Evolve- it is really as simple as that. The legal profession in Nigeria is a very interesting profession, so much so that advertisements are not allowed. Then when you go to even some African countries, you see on their televisions, they have advertisements, they say, I want to hit you today, call us, we can help you with claims here and there.

I strongly believe that it’s time for us to evolve. Let’s start with our outfits. It is so hot. There’s global warming and climate change. Why do we have to always wear the wig in the hot courtrooms? Why? But jokes apart, honestly speaking, the truth about it is that one must always understand that evolution is inevitable.

So, evolve and be smart with how your evolution does not hamper others. In Nigeria for instance, you must adhere to the rules of professional conduct or ethics, otherwise, the legal professionals’ disciplinary committee will take you up on it, even though you had the intent of evolving. Don’t forget that where you currently practice, those things might not be allowed.

Evolve in such a way that you can actually still practice in Nigeria as the case is.

Provide a number of your key responsibilities and priorities of the Office of Disability Affairs in Lagos state

As an agency, our key responsibilities are:

1. Issuance of guidelines for the education, social development and welfare of persons living with disability.

2. We collaborate with relevant ministries, parastatals or corporate bodies issuing codes and directives for designing and buildings so as to make them accessible to and usable by persons living with disability.

3. We see to the registration and coordination of associations of persons living with disability.

4. Re-orientation and education of the public on the right attitude towards persons living with disability.

5. The agency collects and collates data on persons living with disability and ensures proper government planning for persons living with disability.

6. Receipt of complaints from persons living with disability on the violation of any of his or her rights; investigate, sanction in appropriate cases of violation.

7. The agency liaises with other ministries and all other government agencies to ensure that the peculiar interests of persons living with disability are taken into consideration in every government policies, programmes and activities.

In summary, we ensure compliance with the provisions of the special people’s laws.

What are some of the main challenges and barriers that persons with disabilities face in Lagos state?

Number one is perception meets reality. We have quite a lot of work to do with the educating part and unfortunately, acceptance is also a huge problem. You know, the funny thing about it is, people who wear glasses do not classify themselves as persons with disabilities, when in actual fact, you cannot see without those pairs of glasses. You cannot, unfortunately. It’s why there are stereotypical perceptions, labelling, societal discrimination or stigmatisation and psychosocial impact of understanding what it means to be a PWD.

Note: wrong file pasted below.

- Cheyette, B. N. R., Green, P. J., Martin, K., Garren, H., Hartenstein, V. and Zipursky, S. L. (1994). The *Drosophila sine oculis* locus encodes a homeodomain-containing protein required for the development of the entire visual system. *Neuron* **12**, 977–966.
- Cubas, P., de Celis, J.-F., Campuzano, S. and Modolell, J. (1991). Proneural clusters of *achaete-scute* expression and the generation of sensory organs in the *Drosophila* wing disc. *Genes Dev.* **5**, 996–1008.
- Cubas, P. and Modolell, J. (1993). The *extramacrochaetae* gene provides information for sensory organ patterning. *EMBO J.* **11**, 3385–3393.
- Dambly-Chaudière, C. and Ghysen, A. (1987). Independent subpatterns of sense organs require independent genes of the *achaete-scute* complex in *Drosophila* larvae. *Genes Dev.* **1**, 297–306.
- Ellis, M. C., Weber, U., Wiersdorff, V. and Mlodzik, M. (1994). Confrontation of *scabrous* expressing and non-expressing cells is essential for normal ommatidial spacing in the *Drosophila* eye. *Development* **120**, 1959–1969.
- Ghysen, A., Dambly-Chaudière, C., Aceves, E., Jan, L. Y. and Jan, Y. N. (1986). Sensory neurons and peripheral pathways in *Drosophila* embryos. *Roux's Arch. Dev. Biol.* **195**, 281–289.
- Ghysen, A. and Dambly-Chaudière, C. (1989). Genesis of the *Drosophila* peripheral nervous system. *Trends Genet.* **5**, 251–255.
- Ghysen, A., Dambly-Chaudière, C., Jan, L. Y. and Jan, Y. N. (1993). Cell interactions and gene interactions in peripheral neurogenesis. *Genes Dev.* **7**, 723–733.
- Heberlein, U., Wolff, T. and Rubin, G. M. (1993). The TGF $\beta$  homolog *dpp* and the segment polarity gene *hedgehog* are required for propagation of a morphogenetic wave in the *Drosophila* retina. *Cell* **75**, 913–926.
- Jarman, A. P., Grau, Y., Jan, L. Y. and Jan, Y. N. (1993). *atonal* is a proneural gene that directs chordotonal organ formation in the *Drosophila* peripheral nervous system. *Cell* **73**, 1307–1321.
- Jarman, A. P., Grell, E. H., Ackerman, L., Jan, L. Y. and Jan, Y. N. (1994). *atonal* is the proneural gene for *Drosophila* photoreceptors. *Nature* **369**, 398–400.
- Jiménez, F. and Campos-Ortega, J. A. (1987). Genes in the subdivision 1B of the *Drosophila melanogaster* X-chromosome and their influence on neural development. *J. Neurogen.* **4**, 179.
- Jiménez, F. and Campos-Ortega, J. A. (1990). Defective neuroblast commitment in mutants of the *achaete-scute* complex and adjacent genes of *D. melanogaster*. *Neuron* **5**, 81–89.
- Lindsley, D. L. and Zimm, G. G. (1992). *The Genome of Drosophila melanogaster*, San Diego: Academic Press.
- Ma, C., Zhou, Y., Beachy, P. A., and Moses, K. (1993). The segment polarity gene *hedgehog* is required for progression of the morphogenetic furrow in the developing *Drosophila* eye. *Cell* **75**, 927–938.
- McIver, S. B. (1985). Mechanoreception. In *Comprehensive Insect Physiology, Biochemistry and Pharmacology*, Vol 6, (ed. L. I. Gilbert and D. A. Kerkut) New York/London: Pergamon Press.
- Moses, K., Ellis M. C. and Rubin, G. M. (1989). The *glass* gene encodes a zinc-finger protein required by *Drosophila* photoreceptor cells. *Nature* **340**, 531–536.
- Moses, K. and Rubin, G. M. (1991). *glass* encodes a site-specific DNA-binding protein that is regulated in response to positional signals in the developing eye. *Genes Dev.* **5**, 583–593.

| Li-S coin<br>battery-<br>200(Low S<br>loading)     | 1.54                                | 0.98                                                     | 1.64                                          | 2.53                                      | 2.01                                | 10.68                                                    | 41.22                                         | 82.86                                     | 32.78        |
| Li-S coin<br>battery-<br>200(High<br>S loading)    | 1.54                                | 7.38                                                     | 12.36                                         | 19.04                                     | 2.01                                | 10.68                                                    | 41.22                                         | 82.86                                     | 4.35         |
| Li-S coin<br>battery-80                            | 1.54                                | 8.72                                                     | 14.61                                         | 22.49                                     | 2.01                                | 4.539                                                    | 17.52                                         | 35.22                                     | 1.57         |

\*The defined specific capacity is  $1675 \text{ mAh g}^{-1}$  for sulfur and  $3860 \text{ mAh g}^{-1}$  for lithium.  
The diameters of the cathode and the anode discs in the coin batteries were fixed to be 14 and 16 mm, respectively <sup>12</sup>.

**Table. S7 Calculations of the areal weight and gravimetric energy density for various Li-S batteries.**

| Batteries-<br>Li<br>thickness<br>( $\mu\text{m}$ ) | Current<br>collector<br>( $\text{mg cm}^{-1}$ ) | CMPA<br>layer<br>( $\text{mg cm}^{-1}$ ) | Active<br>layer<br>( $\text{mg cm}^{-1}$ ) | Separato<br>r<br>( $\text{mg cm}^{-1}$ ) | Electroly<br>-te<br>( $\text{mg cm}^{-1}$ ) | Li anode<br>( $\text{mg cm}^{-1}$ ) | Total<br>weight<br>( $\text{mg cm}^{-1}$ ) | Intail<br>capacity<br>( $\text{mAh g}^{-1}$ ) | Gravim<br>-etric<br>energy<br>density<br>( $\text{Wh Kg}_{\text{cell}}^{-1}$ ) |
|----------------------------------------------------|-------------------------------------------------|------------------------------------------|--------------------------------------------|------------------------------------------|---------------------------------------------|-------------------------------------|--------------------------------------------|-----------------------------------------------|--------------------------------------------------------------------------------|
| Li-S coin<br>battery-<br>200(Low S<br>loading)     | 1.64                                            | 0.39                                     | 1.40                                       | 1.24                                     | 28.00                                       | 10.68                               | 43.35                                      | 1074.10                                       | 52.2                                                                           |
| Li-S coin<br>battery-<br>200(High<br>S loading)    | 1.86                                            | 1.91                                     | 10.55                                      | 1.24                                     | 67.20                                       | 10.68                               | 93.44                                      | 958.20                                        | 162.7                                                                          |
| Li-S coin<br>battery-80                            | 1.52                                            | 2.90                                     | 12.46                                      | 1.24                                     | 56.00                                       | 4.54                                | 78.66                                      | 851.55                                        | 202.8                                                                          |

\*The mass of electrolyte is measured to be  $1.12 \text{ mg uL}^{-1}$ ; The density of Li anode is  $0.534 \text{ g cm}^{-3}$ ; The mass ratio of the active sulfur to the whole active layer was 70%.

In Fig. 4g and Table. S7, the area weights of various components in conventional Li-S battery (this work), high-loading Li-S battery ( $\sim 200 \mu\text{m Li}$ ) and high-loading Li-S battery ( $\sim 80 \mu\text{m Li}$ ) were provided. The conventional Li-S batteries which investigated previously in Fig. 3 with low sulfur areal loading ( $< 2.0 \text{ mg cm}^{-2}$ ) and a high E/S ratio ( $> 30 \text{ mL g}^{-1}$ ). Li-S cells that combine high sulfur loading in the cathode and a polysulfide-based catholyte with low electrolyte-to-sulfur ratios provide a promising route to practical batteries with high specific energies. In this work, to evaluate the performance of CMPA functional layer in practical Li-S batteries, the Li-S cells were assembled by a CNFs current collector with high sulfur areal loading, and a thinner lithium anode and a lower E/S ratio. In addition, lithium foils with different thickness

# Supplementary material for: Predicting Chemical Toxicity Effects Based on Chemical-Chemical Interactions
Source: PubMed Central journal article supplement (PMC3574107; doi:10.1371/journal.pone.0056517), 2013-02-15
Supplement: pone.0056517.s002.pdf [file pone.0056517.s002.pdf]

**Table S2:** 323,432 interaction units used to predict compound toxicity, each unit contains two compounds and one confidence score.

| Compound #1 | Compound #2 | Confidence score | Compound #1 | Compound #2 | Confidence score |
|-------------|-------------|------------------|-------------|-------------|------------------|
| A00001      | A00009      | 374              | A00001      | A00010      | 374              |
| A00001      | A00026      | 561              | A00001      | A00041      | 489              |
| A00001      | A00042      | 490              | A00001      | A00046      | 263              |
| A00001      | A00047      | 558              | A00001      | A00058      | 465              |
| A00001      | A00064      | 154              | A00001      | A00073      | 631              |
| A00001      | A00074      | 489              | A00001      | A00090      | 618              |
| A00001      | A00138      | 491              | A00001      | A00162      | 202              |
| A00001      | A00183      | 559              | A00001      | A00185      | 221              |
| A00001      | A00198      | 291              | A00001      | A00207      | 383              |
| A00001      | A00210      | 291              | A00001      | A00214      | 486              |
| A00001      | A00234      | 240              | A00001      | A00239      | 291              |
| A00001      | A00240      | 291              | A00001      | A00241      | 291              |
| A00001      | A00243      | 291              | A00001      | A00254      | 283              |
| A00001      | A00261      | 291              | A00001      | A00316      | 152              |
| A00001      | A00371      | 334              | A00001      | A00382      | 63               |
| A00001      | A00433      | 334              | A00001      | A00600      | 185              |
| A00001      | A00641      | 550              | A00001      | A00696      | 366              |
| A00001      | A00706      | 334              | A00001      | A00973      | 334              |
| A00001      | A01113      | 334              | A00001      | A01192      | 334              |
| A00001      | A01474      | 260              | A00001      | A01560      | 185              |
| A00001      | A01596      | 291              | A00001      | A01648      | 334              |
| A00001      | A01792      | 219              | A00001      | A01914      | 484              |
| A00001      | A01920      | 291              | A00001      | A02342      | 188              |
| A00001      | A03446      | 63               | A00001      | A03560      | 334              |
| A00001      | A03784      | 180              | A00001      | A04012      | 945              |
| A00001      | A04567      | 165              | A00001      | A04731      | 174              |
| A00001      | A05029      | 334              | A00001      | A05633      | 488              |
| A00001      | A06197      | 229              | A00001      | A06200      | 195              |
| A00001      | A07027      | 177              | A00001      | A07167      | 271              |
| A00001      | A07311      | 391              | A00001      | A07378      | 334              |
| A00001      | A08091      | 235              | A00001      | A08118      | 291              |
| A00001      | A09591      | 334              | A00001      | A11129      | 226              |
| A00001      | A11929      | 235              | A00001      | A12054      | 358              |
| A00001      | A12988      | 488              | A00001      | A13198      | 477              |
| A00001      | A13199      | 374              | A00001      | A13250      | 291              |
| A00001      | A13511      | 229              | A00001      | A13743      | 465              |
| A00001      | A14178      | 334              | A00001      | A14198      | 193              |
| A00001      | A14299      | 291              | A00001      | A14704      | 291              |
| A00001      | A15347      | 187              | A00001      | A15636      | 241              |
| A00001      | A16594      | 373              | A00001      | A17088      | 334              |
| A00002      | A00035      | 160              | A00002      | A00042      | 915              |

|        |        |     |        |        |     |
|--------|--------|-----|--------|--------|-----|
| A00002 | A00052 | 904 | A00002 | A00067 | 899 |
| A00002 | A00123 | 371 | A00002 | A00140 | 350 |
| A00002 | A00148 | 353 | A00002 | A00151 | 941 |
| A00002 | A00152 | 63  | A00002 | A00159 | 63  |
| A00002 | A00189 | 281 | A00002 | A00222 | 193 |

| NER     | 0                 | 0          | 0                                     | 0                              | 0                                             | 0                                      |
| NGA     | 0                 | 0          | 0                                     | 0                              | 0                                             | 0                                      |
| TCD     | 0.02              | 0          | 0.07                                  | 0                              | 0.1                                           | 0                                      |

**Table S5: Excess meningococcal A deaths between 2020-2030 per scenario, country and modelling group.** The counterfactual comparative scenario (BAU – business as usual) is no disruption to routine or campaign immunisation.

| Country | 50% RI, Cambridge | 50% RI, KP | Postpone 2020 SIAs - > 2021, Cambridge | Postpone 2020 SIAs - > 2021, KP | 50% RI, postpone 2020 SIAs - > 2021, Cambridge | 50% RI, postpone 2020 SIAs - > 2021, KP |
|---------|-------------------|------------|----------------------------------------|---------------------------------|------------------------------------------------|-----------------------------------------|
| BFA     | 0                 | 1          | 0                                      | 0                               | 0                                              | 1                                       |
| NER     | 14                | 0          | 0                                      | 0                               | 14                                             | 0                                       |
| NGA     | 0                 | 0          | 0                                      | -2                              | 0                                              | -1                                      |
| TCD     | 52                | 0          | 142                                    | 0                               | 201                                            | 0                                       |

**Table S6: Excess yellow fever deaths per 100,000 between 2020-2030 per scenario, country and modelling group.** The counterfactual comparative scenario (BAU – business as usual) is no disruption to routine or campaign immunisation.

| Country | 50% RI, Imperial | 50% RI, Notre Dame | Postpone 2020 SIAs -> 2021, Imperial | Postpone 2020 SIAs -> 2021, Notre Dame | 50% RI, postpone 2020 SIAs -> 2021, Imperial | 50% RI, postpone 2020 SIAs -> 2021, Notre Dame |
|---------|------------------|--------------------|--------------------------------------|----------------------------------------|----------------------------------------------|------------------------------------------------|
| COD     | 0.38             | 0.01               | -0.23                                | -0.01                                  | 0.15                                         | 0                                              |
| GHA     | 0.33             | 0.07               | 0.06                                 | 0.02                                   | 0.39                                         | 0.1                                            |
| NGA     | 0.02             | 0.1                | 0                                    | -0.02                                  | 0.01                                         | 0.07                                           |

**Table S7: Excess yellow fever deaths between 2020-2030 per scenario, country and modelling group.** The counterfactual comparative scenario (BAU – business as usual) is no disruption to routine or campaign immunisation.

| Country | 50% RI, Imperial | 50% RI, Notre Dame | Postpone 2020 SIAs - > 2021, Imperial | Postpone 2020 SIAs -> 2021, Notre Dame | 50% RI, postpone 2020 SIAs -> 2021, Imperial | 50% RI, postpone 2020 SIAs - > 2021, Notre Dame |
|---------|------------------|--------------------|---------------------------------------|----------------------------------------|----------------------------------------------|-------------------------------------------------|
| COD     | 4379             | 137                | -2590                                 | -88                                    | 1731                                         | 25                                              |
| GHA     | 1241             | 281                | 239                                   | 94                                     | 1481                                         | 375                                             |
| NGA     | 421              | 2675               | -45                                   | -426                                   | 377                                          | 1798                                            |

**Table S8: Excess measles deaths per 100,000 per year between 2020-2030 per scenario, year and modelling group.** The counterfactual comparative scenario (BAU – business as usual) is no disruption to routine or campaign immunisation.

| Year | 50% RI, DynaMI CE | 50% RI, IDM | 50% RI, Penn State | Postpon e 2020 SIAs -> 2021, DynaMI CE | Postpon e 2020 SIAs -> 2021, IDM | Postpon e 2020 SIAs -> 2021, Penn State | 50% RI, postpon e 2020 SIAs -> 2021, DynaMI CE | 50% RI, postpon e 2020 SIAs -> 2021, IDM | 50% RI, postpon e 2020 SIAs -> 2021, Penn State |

Another thing is the popular access, you know, at every level. How do we tackle it? Our aim is to bring awareness to these, to spotlight these concerns, and once we are able to spotlight them, we are better able to equip ourselves with the understanding and knowledge of what it means to relate with or interact with a person with disabilities, such that a person with albinism, for instance, understands that when they go out, no people are making fun of them. Even a dwarf, or a person with spina bifida concerns, or a person with hydrocephalus and has survived. But unfortunately, quite a number of them are wheelchair bound.

We bring awareness to some of these categories that I rightly mentioned, ensuring that the individuals themselves accept their realities. Their families and loved ones are also accepting of this labelling, because labelling has become an obvious challenge for loved ones, where because of the labelling, people do not accept what it is that has been told to them by the medical professionals. Finally, we also try to ensure that we are better able to inform PWDs that yes, there is ability in disability but there is also inability. Accepting the confines within which you are better able to optimally perform is key.

How does your office work to raise awareness and educate the broader public about disability rights and accessibility issues in Lagos?

My office raises awareness through several forums. One is exactly what I’m doing with this interview, so that people are better able to not only know about my own personal reality, but also understand that there is an office, whose responsibilities I have highlighted above, and the truth about the whole concern is that, we are trying our best to wrap up with public awareness materials or toolkits so that we can push that out into the general public and people can remain aware of who we are, what we stand for, and those that we are here to protect or fight for. Education through periodic stakeholder involvement, liaising with Ministries, Departments and Agencies (MDAs), collaborating and supporting non-profits is already in this space.

These are just some of the areas that we continue to push for awareness when it comes to the broader public as the case is, in terms of the rights of PWDs in Lagos State.

Can you describe your office’s approach to collaborating with other government agencies, NGOs, community organisations to advance the rights and well-being of persons with disabilities?

One with the MDAs is to emphasise, enforce and to remind them of their core responsibilities to ensure inclusive budgeting and inclusive execution are not just back burner conversations, but become front burner realities. Secondly, with non-profits, one of the best things to admit, first and foremost, is the reality that the government cannot do it all. Government will try her best in enforcing, ensuring that the environment promotes opportunities of this nature, however, the government comes to the table with non-profits that are already in this space, and then participates extensively with collaborative efforts that they have given to us.